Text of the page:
Again, it was contended that as the principal function of a proviso is to except something from the enacting clause and not to extend or enlarge the operation of the statute, neither the Department nor the Tribunal are justified in construing the proviso in question as imposing a liability. It is true that ordinarily a proviso is designed to restrict rather than to enlarge the provision to which it is appended but this is not an inflexible rule and there are cases in which the language might well lead one to the conclusion that the Legislature intended to exercise its enacting power. If after a careful examination of the proviso, the provision to which it is attached, and the Act as a whole, the Court comes to the conclusion that the Legislature intended to create a liability, it is the duty of the Court to give effect to the intention even though it is embodied in a proviso. The substance and not the form must be looked at for, as pointed out in Craies on Statute Law, page 203, that which is in form a proviso may in substance be a fresh enactment adding to and not merely qualifying that which comes before. The language of the proviso in the present case makes it quite clear that the Legislature intended to impose a tax on certain gains on the sale of property.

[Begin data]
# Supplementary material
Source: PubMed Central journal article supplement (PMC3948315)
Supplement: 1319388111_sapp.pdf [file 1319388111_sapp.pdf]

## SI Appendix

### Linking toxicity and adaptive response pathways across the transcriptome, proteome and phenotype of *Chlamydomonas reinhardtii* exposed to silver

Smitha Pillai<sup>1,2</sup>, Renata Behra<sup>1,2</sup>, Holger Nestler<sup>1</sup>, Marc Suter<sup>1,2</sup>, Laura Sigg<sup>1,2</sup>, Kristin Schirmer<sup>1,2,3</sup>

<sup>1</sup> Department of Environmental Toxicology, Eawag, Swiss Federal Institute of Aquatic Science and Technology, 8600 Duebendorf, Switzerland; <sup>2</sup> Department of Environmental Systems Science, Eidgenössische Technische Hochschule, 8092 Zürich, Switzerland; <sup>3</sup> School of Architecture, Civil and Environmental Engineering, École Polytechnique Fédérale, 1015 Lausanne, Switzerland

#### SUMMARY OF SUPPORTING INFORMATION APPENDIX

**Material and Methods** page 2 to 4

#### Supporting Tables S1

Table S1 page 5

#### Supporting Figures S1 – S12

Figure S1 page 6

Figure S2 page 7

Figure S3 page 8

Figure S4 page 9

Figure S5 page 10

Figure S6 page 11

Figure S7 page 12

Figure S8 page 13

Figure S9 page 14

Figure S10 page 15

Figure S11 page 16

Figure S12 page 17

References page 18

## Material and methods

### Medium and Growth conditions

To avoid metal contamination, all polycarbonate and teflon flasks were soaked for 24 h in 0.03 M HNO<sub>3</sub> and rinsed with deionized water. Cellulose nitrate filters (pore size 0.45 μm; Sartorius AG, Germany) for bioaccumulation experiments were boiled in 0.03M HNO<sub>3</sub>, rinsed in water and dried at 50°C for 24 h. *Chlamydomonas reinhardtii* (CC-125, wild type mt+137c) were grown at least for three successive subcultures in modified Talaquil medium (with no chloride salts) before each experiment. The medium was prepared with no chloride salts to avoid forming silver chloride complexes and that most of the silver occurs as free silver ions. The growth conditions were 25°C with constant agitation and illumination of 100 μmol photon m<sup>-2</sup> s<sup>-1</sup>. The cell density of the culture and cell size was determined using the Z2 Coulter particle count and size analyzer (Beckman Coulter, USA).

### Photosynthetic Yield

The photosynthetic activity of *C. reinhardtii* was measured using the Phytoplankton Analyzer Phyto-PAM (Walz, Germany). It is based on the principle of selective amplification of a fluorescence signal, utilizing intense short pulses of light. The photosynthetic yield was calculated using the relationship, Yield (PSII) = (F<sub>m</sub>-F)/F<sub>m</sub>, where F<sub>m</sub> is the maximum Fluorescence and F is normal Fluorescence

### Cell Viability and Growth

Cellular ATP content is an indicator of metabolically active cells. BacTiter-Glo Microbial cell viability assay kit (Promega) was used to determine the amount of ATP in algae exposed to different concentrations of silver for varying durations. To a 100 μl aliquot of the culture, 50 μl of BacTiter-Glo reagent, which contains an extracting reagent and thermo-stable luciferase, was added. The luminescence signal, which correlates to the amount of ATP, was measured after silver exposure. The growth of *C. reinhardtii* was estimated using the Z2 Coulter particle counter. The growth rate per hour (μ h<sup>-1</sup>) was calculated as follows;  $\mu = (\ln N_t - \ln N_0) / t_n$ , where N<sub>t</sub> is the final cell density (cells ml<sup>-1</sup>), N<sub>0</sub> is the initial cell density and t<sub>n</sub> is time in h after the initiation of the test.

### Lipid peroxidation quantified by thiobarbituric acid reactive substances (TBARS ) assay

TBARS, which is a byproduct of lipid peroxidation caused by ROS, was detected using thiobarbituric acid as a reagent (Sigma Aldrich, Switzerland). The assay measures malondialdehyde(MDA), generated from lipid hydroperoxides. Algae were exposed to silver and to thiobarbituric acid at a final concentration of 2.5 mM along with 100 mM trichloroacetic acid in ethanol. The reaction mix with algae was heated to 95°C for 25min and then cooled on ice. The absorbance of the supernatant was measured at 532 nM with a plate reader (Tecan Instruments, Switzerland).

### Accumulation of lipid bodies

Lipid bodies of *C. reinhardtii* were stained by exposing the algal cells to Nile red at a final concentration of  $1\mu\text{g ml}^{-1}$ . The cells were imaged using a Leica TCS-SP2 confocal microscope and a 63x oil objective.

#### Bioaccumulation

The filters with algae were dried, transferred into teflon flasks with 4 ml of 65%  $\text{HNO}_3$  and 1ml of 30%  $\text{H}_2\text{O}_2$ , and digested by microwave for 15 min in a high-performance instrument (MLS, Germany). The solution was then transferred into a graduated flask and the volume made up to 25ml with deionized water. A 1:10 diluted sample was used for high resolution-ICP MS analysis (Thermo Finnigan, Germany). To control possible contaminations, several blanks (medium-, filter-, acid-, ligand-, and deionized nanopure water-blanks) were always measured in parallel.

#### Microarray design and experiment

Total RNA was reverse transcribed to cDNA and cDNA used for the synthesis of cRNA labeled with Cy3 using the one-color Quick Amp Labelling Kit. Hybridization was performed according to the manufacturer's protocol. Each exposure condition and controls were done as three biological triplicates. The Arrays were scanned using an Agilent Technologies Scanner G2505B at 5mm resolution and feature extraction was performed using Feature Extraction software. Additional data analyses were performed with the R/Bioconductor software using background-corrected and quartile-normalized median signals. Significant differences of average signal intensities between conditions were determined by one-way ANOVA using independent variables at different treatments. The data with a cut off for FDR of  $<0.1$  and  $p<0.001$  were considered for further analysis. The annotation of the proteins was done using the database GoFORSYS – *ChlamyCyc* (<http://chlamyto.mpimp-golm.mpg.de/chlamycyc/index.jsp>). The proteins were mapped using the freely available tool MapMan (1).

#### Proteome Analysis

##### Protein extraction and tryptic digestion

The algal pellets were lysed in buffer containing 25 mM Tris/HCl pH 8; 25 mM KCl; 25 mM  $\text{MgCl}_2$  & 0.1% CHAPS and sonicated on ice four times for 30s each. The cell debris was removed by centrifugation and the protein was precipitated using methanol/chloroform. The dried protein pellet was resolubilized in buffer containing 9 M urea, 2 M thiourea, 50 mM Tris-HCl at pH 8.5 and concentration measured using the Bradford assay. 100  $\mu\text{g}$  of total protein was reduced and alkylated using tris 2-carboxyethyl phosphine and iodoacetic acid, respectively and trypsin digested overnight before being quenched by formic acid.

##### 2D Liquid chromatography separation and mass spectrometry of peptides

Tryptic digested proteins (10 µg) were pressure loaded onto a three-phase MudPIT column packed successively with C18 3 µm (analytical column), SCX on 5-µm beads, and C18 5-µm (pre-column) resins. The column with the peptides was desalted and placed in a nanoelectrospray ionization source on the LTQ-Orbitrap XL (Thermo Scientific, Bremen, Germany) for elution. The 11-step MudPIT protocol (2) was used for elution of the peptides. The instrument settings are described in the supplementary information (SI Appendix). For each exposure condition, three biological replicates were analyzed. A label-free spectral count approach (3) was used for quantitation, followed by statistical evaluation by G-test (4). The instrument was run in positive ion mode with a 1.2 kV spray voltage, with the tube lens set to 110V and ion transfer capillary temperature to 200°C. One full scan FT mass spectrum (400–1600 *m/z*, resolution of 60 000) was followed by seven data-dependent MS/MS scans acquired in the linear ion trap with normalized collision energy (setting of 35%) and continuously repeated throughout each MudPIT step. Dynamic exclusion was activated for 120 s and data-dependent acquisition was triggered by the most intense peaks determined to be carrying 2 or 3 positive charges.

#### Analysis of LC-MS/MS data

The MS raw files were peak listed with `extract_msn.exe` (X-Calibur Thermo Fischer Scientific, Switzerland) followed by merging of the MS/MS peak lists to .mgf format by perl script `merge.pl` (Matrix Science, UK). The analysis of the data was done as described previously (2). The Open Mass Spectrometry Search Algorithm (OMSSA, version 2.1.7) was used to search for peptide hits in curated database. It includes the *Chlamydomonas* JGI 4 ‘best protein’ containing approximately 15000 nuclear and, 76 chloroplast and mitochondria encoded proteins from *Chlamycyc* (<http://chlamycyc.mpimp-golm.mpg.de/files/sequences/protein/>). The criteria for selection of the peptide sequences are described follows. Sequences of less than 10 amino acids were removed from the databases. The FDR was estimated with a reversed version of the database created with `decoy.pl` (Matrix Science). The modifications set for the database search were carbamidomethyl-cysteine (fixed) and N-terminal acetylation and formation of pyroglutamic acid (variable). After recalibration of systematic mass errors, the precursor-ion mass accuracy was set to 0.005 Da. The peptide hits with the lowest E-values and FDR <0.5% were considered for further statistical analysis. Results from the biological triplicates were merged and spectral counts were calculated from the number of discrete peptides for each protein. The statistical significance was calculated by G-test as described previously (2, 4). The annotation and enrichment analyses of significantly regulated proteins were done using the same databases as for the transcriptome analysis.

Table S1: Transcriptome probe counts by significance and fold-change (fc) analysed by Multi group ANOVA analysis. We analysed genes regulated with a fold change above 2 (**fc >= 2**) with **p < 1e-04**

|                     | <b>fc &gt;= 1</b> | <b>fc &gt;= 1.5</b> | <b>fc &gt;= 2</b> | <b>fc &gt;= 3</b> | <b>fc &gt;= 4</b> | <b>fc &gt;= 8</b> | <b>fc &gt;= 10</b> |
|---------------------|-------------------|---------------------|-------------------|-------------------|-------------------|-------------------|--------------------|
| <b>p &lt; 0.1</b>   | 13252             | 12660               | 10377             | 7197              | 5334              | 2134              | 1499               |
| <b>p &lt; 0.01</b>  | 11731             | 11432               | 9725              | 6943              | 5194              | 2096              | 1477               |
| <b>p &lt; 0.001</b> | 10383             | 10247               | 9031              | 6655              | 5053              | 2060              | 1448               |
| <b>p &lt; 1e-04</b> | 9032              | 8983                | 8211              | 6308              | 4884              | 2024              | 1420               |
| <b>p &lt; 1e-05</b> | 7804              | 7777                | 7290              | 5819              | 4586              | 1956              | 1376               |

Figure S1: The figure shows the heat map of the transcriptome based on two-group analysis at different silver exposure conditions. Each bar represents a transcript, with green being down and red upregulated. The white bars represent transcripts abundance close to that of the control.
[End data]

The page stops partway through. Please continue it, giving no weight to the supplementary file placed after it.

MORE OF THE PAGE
Nor is there any substance in the contention that the gains to which a reference has been made in the proviso are of a casual or non-recurring nature and must, therefore, be exempted from taxation. I am unable to subscribe to the view that these gains fall within the ambit of the expression 'casual or non-recurring' for, as stated by the Tribunal, buildings must deteriorate and machinery must wear out in due course and a time must arrive more than once in the course of the life of an established business when the machinery will have to be replaced. If the Legislature intended to exempt these gains from taxation, it was scarcely necessary for it to go to the trouble of enacting the proviso in question. This proviso was enacted several years ago but our attention has not been invited to any authority in which the view put forward by the assessee has been endorsed either in England or in this country. It is true that in construing an Act which imposes a burden, doubts should be resolved in favour of the taxpayer but this general rule cannot be applied either when the taxing provision is clear and explicit or when a doubt arises in regard to a provision granting a deduction or an exemption from payment of tax. In United States v. Stewart the Supreme Court observed as follows :

'Those who seek an exemption from a tax must rest it on more than a doubt or ambiguity. Exemption from taxation cannot rest upon mere implications.'

For these reasons, I am of the opinion that notwithstanding the ingenious arguments which were addressed to us, both the questions which have arisen in the case must be answered in the negative.

FALSHAW, J. - I agree.

Reference answered in the negative.